Real-time Earth and Moon phase

Monday, August 28, 2006

The encounter of Bencruachan

It is still an amazing thing to me that one could fairly readily finding things on the Internet even things from far away and years ago, thanks to Google.

I’ve noticed earlier the case of the cargo ship Bencruachan which was hit by a freak wave in 1973 without much detail information. Then I recently came across from this info bit:

“I remember standing on the dockside in Hull in the summer of 1973 and looking at the damage done to a Ben Boat, the 'Bencruachan', by a freak wave off South Africa.”

I got curious and start doing some Google to see if I can find further info. It’s not abundant out there. But I did found this comment from the Spring 2003 NORD News:

“Severe damage to large modern cargo ships like the Ben Cruachan – ‘bent like a banana’. . .”
And then this:

“Just dug out these three photos taken by a Yarpie newspaper of the ‘Cruachan’ after she hit the freak wave off the Cape on 2.4.73. . .”


Now I have a date for the encounter which I did not have before. But, not so fast, there's also this details from a Dr. Gordon Avery:

“My wife (16 weeks pregnant) and I were passengeres on "Bencruachan" from Singapore when it was hit by the rogue wave off Durban on 2 May (not April as recorded in your website} 1973. Capt Sinclair was on his last voyage before retiring and the ship was delayed because we had to drop off a sick crew man with appendicitis in Medan, Sumatra. We should have called at Durban for bunkers but due to congestion were diverted to Cape Town which we never of course reached. We remember the episode well since we were helicoptered off and then spent 10 days in Durban before being flown home.It was some wave, some bang I can tell you.”

With a corrected date, I think the case is now firmly substantiated. While I would still wish to know how big was the freak wave that hit Bencruachan, I don’t think that information has ever existed! Here's Bencruachan during her glorious days:

Thursday, August 24, 2006

Marine accident brief on Norwegian Dawn

It was fervent news reported world wide when the cruise ship Norwegian Dawn was hit by a freaque wave in Atlantic Ocean off South Carolina coast in April a year ago. As far as encountering with freaque waves is concerned, this event must be considered a very fortunate case. Because from all indications they were indeed struck by a freaque wave, but only sustained minor damages. In November 2005, the U.S. National Transportation Safety Board issued an investigation report “Marine Accident Brief” which, surprisingly, did not received as widely news coverage as the event when it was happened.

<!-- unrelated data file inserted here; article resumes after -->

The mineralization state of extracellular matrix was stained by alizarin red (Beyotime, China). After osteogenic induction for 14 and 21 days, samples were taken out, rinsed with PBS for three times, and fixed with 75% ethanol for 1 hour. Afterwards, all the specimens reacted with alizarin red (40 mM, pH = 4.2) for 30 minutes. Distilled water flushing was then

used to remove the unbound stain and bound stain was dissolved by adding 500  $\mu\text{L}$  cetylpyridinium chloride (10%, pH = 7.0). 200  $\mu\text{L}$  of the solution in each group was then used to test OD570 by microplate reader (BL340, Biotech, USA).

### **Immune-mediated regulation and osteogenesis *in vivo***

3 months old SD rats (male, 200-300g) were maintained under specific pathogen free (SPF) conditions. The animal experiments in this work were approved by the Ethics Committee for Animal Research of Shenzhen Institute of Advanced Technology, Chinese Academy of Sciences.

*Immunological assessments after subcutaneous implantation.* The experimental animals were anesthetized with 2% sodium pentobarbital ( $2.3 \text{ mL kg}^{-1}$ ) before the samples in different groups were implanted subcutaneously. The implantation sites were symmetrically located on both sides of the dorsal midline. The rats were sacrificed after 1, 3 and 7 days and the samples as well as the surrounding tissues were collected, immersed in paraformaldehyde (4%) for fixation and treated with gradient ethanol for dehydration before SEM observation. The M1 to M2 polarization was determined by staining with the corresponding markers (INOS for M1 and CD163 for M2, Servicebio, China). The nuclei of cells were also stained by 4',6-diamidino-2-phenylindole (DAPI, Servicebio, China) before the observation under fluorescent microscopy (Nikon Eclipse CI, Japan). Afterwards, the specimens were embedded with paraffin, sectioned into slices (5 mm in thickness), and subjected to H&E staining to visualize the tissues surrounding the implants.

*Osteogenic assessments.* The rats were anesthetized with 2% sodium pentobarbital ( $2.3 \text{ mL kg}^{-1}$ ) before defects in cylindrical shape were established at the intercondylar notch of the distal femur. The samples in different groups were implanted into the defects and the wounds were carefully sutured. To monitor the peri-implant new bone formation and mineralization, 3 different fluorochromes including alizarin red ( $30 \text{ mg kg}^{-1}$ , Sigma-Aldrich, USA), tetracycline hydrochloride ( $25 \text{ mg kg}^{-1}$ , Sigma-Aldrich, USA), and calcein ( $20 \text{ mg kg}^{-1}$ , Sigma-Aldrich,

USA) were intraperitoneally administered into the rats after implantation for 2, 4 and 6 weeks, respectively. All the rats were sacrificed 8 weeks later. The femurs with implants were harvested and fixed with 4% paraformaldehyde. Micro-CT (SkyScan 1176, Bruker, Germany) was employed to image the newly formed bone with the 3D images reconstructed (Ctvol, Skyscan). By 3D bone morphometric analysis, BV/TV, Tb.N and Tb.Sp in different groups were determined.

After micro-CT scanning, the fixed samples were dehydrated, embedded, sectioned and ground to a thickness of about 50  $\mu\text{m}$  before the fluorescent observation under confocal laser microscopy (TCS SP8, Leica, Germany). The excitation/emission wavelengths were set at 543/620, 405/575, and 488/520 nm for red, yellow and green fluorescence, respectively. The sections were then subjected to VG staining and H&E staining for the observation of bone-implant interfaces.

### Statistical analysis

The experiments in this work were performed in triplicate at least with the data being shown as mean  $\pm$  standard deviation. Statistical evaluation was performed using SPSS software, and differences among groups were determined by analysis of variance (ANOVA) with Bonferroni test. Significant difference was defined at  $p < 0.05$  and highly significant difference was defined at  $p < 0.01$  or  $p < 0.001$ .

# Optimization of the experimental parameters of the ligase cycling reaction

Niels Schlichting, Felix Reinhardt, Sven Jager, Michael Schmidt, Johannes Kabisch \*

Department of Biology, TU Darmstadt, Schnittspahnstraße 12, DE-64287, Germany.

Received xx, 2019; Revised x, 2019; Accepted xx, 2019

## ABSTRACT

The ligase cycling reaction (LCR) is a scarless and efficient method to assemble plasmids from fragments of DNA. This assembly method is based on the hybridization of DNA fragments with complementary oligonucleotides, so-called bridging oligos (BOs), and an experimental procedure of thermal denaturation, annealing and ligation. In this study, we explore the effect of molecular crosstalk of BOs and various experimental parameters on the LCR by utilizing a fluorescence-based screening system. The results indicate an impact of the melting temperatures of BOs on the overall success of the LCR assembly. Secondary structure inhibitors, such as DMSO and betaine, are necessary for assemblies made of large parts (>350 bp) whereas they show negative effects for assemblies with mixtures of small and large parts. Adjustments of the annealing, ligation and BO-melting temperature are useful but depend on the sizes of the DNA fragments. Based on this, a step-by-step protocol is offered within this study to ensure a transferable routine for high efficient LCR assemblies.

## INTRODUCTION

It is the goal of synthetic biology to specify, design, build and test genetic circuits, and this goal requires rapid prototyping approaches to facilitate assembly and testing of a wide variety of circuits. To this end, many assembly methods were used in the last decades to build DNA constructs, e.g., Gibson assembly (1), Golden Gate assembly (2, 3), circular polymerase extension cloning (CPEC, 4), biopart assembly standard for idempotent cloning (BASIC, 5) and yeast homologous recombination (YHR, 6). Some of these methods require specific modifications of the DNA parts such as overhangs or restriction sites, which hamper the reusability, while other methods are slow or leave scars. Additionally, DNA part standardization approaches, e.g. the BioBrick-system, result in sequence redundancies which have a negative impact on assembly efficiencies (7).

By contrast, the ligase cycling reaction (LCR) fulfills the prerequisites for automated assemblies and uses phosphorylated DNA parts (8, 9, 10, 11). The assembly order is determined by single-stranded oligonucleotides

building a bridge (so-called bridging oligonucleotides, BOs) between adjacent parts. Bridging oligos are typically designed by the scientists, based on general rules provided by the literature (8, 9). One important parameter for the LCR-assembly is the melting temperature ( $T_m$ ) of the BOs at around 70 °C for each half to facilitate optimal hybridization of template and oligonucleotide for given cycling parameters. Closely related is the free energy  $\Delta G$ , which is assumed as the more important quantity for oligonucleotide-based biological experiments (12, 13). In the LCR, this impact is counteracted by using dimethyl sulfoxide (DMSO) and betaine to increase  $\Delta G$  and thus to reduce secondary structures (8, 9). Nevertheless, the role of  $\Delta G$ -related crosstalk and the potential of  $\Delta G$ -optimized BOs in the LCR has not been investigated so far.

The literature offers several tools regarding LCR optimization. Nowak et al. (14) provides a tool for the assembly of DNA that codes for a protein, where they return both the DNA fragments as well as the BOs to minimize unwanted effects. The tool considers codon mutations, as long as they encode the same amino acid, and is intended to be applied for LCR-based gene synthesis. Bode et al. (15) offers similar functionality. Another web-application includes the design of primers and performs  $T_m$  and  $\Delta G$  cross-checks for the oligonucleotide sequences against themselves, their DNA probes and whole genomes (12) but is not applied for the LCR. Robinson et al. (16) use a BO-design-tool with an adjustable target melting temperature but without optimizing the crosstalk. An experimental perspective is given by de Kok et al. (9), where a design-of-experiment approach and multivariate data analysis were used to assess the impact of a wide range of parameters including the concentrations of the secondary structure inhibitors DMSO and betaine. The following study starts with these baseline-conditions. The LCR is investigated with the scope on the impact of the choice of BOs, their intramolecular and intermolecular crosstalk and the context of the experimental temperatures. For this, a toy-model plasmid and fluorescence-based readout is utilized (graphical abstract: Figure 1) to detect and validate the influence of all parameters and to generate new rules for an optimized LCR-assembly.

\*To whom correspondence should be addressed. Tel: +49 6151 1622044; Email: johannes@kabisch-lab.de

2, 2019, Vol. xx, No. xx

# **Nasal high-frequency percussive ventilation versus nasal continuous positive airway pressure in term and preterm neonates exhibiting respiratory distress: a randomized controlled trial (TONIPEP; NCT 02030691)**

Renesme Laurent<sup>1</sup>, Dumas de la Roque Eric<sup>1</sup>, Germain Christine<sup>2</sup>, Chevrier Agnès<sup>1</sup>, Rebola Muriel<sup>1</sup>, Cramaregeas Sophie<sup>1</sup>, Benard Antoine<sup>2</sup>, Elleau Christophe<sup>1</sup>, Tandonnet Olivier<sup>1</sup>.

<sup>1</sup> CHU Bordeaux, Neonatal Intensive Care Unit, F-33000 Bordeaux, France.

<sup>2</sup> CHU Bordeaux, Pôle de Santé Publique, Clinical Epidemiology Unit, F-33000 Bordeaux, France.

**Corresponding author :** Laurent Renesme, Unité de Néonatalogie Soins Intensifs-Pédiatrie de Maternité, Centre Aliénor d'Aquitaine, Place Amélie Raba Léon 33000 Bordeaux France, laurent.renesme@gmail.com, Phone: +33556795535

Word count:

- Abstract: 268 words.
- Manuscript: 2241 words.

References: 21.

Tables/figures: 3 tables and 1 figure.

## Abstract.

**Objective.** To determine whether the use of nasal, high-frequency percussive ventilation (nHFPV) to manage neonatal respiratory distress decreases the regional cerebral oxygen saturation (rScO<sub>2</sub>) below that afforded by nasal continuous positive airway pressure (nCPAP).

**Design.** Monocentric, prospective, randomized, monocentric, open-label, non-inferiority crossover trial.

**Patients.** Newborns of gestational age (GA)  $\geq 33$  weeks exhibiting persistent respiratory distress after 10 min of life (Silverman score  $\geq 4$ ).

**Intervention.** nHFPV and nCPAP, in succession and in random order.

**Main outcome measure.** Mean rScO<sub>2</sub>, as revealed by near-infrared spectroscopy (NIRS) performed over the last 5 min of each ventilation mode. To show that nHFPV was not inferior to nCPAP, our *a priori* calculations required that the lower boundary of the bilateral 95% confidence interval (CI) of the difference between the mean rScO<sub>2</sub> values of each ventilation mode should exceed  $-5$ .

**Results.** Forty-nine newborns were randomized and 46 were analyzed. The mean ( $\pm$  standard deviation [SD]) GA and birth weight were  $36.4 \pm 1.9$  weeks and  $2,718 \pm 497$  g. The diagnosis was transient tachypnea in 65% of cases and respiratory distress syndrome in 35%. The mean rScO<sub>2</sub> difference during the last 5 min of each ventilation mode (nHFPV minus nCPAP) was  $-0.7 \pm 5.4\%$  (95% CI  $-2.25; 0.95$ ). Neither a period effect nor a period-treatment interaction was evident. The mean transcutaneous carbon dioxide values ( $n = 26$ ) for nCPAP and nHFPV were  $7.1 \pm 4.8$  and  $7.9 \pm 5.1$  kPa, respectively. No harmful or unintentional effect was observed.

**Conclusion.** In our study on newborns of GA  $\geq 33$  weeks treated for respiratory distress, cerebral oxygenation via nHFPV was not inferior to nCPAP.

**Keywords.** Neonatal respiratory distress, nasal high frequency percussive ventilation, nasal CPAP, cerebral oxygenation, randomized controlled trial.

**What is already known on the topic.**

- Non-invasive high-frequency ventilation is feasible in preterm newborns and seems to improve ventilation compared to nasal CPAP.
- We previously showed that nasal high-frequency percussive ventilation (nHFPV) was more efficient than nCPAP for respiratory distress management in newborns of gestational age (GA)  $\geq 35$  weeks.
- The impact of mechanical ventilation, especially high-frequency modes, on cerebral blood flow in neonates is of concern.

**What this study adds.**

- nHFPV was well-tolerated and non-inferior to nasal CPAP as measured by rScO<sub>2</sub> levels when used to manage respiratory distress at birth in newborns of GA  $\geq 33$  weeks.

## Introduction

May be the reason for the lack of newsworthiness is the rather less than sensational conclusion found:

“The National Transportation Safety Board determines that the probable cause of the damage to the Norwegian Dawn and of the injuries suffered by its passengers was wave breaking over the bow during the ship’s unavoidable encounter with severe weather and heavy seas.” (Bold faced emphases added.)

Nothing there for the ambulance chasers or the finger pointing media types. But for the freaque waves studies, I think this is a very useful investigate report for a rare freaque wave event that can be investigated in detail. Here's a picture showing the damaged spots after the freaque wave hit:










I found the following paragraph in the damage report of particular interest to the freaque wave studies:

“At 0610 on April 16, the ship was making 7 knots over the ground. The wind and sea conditions had eased slightly, according to ship’s officers and log entries. However, the watch officer on the bridge observed the vessel pitching and saw the bow start to plow into the seas. The master, who had been on the bridge throughout the night, told investigators that he felt the ship pitch three times in succession. The watch officer stated that all the waves were very large, and that all were roughly the same height. On the third wave, he said, the ship’s bow took heavy green seas, which at 0615 cascaded directly over the bow and struck the forward part of the vessel’s superstructure.”

Two important notes should be striking here: First, the event occurred when “the wind and sea conditions had eased slightly,” so the event did not happen at the peak of the storm; and secondly, the watch officer stated that it was the “third” wave that provided the heavy hit, even though “all the waves were very large, and that all were roughly the same height.” Therefore it seemed that the third wave could still be conceivable larger than the others or the freaque waves are not necessarily single wave events.

This is the kind of occasion that one would really wish a wave recorder could have been installed on the vessel. I, for one, would earnestly prefer to see that all sea-going vessels should be required to equip with continuously operating wave recorders. The added coast will be basically insignificant, but the benefit to the navigation and possible improvement in knowledge in the long run will be simply immeasurable.